Donald Trump gave an amazing speech about his approach to US foreign policy on Wednesday, at least according to Donald Trump. At an event sponsored by the Center for the National Interest, the Republican presidential frontrunner delivered a 5,000-word speech touching on his criticisms of the Obama administration’s approach to national security, the need to whip US allies into shape, and promised that he alone can restore what he described as the lost standing of the US in world affairs.
A Trump foreign policy would eschew “nation building” but would still somehow promote stability worldwide. It would teach our allies to trust us again, even while making a point of behaving “unpredictably.” It would teach the US military to “fight to win,” as opposed to...whatever it is he thinks the military does now.
It was, again according to Trump, a huge success.
Thank you to all for the wonderful reviews of my foreign policy speech. I will soon be speaking in great detail on numerous other topics!— Donald J. Trump (@realDonaldTrump) April 28, 2016
But outside the echo chamber of Trump’s inner circle and the mogul’s own Twitter feed, it’s hard to find many people who know something about foreign policy that were impressed.
The centrist group Third Way wrote, “Donald Trump lacks a meaningful understanding of US foreign policy.” His speech Wednesday “showed just how incoherent and inconsistent his views are on national security issues” and revealed that Trump is “out of his depth.”
Dan Drezner, professor of international politics at the Fletcher School of Law and Diplomacy at Tufts University and a regular Washington Post columnist, said that despite his previous criticism of Trump on national security grounds, he tuned in to the speech.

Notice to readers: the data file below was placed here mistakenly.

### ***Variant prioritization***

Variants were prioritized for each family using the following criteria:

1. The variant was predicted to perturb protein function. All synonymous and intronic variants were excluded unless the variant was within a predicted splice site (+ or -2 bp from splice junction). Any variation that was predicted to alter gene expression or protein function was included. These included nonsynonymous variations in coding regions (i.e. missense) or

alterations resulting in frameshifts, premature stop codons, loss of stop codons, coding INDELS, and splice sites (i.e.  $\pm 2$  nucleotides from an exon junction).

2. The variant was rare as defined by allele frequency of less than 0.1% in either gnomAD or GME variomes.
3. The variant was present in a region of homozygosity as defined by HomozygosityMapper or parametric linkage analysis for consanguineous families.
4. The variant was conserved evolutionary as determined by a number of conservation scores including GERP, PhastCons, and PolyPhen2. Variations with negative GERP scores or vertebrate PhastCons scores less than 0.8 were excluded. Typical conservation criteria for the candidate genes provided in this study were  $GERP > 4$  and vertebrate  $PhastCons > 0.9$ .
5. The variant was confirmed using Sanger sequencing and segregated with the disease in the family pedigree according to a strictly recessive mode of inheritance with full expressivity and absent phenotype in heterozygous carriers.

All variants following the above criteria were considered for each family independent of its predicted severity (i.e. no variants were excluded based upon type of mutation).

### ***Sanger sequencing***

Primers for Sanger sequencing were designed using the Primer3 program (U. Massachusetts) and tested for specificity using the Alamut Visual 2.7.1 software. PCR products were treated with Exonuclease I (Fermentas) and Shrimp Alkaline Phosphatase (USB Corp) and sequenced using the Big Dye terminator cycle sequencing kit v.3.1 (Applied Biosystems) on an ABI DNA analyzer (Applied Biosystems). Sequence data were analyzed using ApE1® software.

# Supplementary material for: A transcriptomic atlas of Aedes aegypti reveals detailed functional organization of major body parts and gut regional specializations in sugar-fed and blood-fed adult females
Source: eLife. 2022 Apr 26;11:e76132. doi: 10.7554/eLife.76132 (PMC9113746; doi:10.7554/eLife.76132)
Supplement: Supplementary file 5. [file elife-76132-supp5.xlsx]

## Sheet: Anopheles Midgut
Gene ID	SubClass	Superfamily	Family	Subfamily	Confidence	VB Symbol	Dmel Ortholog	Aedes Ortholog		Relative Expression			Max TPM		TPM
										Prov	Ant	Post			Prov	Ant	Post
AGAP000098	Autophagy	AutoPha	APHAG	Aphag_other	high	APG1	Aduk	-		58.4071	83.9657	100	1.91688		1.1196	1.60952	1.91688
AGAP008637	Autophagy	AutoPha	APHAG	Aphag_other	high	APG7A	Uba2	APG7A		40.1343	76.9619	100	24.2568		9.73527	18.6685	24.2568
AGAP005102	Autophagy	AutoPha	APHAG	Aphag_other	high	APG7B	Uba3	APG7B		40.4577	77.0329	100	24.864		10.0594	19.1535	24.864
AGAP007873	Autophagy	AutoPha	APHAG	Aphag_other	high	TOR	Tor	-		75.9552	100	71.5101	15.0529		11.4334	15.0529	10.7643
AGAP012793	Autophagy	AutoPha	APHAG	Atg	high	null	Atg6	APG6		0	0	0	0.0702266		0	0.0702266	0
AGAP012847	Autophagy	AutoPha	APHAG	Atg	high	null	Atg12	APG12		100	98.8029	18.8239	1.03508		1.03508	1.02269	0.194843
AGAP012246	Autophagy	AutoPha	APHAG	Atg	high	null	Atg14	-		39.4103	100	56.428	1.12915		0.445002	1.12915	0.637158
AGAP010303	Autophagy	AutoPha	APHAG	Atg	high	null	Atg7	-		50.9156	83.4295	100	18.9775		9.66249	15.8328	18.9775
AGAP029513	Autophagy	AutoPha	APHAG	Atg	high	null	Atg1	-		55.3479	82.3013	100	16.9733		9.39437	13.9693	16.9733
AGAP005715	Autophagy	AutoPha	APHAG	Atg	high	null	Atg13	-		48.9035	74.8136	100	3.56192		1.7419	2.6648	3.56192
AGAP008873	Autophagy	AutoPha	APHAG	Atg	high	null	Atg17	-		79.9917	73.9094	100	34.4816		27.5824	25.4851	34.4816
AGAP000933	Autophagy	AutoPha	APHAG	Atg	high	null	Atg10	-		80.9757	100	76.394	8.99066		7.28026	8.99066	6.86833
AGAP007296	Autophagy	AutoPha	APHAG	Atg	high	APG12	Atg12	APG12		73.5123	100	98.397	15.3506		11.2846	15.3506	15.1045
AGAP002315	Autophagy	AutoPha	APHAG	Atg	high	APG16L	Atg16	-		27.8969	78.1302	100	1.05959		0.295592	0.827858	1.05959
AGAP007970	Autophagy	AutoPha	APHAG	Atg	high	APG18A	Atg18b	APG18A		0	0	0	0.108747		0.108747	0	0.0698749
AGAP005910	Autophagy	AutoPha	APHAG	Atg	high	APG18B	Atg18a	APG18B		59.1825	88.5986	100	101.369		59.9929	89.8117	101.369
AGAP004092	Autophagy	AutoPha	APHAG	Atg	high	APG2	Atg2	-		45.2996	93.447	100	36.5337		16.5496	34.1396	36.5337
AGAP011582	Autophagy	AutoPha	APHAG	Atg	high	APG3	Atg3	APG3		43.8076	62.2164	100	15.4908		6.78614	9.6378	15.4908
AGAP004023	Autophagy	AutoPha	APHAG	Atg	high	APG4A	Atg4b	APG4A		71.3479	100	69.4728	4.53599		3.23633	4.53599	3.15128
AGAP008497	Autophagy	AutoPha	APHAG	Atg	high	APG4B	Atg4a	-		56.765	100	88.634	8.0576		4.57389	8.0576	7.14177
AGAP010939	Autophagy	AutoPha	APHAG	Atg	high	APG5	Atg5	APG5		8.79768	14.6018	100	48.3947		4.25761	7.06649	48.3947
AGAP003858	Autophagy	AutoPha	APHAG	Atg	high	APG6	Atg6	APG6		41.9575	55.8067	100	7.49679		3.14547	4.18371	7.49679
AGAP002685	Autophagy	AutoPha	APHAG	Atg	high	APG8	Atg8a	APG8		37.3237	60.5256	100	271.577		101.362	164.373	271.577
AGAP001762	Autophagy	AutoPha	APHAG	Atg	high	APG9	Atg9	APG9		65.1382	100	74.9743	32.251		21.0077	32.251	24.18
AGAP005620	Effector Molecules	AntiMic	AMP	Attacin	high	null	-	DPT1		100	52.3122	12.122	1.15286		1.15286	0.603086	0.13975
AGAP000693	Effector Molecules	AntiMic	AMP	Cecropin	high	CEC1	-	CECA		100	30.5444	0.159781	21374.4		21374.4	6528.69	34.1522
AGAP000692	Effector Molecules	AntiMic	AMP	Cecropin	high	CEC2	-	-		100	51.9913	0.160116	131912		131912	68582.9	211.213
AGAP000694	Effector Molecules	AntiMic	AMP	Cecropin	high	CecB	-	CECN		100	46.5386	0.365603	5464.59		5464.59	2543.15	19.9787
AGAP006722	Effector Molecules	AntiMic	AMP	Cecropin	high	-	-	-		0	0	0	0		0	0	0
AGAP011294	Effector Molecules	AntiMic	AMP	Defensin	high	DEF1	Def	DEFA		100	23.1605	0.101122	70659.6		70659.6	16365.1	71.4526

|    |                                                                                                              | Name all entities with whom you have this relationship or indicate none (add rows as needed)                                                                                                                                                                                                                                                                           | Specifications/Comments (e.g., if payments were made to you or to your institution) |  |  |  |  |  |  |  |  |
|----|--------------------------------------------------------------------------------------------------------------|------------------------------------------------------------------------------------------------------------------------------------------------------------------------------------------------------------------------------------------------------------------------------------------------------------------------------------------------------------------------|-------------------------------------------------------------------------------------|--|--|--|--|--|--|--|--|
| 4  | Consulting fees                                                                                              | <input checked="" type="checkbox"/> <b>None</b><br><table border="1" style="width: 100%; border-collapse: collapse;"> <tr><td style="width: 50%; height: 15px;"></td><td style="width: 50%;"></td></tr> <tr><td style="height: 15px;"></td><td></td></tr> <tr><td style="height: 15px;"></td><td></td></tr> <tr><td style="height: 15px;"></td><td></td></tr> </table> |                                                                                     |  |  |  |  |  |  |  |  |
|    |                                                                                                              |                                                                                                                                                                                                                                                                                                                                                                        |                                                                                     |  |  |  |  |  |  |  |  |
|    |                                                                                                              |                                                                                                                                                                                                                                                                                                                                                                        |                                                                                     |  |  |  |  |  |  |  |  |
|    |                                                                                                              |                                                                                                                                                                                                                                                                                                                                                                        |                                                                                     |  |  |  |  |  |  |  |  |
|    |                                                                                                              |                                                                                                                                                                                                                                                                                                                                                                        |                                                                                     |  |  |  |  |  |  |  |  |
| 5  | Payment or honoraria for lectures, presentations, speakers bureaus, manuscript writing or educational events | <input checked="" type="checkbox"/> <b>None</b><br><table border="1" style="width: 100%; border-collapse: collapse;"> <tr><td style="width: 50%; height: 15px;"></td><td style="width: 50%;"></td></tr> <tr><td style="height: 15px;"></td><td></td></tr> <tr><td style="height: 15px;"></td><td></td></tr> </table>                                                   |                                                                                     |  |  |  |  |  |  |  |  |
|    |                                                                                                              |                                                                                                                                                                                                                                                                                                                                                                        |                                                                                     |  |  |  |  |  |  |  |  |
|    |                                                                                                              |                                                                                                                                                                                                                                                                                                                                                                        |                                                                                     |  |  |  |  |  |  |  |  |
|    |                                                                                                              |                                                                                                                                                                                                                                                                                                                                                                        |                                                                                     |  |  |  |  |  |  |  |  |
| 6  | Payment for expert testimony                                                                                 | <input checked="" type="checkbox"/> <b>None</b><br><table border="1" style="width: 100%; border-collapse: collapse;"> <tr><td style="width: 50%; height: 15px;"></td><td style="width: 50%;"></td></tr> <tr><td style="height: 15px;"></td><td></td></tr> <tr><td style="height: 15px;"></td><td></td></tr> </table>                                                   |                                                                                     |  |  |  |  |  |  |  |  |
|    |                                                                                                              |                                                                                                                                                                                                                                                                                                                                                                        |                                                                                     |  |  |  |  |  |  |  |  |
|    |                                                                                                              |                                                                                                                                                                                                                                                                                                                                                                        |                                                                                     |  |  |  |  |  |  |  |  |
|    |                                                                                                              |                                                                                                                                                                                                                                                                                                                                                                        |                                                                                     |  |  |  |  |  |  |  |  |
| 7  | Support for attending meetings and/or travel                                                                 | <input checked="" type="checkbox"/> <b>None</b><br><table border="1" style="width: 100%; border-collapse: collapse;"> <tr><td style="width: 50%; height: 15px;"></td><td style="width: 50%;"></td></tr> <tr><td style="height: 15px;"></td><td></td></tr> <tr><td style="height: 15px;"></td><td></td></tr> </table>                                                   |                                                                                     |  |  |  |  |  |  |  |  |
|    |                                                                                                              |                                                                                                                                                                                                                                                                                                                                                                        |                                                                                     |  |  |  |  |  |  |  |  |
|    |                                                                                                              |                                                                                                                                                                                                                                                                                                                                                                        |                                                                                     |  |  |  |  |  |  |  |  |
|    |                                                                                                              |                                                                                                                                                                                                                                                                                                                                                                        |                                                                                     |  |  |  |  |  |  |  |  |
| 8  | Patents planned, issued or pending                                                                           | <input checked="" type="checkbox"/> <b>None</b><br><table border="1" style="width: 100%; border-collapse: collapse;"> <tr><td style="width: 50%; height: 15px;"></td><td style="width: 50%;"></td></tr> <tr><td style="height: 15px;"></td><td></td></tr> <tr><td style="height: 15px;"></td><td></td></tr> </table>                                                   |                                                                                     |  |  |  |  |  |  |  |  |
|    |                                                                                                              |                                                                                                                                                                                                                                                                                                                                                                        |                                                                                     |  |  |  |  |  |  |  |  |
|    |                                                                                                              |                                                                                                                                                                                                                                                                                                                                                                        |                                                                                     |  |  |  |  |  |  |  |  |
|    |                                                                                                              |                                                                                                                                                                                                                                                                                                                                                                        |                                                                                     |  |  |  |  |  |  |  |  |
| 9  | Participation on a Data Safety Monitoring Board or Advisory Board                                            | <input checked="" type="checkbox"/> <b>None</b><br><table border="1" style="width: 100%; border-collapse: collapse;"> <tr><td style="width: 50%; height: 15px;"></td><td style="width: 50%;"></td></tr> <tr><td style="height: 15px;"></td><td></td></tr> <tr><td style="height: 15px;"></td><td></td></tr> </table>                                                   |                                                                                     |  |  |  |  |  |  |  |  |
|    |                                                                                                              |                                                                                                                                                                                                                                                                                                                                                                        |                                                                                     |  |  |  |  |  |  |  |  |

“I decided to listen to it. Sober. That was my first mistake,” Drezner wrote. After cataloguing a raft of Trump’s contradictions and misapprehensions in the billionaire’s remarks, he wrote, “Trump doesn’t really have any useful ideas or strategies to offer for how to improve American foreign policy.”
The Wall Street Journal editorial page was equally unimpressed. “The central motif, like all of Mr. Trump’s political thought, is that the businessman has the brains and strength to solve a given problem and everybody else is a pathetic loser, so trust his instincts and temperament.”
The Journal also pointed out the speech’s many internal inconsistencies, noting, “For prepared remarks, or for that matter even an after-dinner talk, Mr. Trump’s speech was especially rife with contradictions.”
The general incoherence of the speech was pointed out by many experienced foreign policy analysts and reporters across the ideological spectrum, including Julia Ioffe at Foreign Policy, Peter Beinart at The Atlantic, and Max Boot of the Center on Foreign Relations.
To be fair to Trump, some folks liked his speech. For example, right-wing pundit Ann Coulter called it, “The greatest foreign policy speech since Washington’s farewell address.” Really, she did. In all caps, too.
Writing for the Washington Examiner, Kelly Riddell was quite indignant about all the pundits and experts pointing out that Trump’s speech was, from a policy perspective, a mess. Without specifically defending it against the critics, she pushed back with a very Trumpian argument -- people who aren’t experts in the field like what he’s saying.
“Who’d have thought all of these foreign-policy experts and pundits would be absolutely wigged out at the prospect of making America first?” she wrote. “Perhaps they need to get off Twitter and get more in touch with the American public. Because obviously, Mr. Trump’s message – and not theirs – is the one that’s registering. Oh how frustrating that must be.”
Sen. Bob Corker, who chairs the Senate Foreign Relations Committee, surprised many people by declaring the speech a “great step in the right direction” that was “full of substance.”
In a written statement, though, he seemed to concede that maybe there wasn’t that much substance. “I look forward to hearing more details, but in a year where angry rhetoric has defined the presidential race on both sides of the aisle, it is my hope that candidates in both parties will begin focusing not only on the problems we face but on solutions,” he wrote.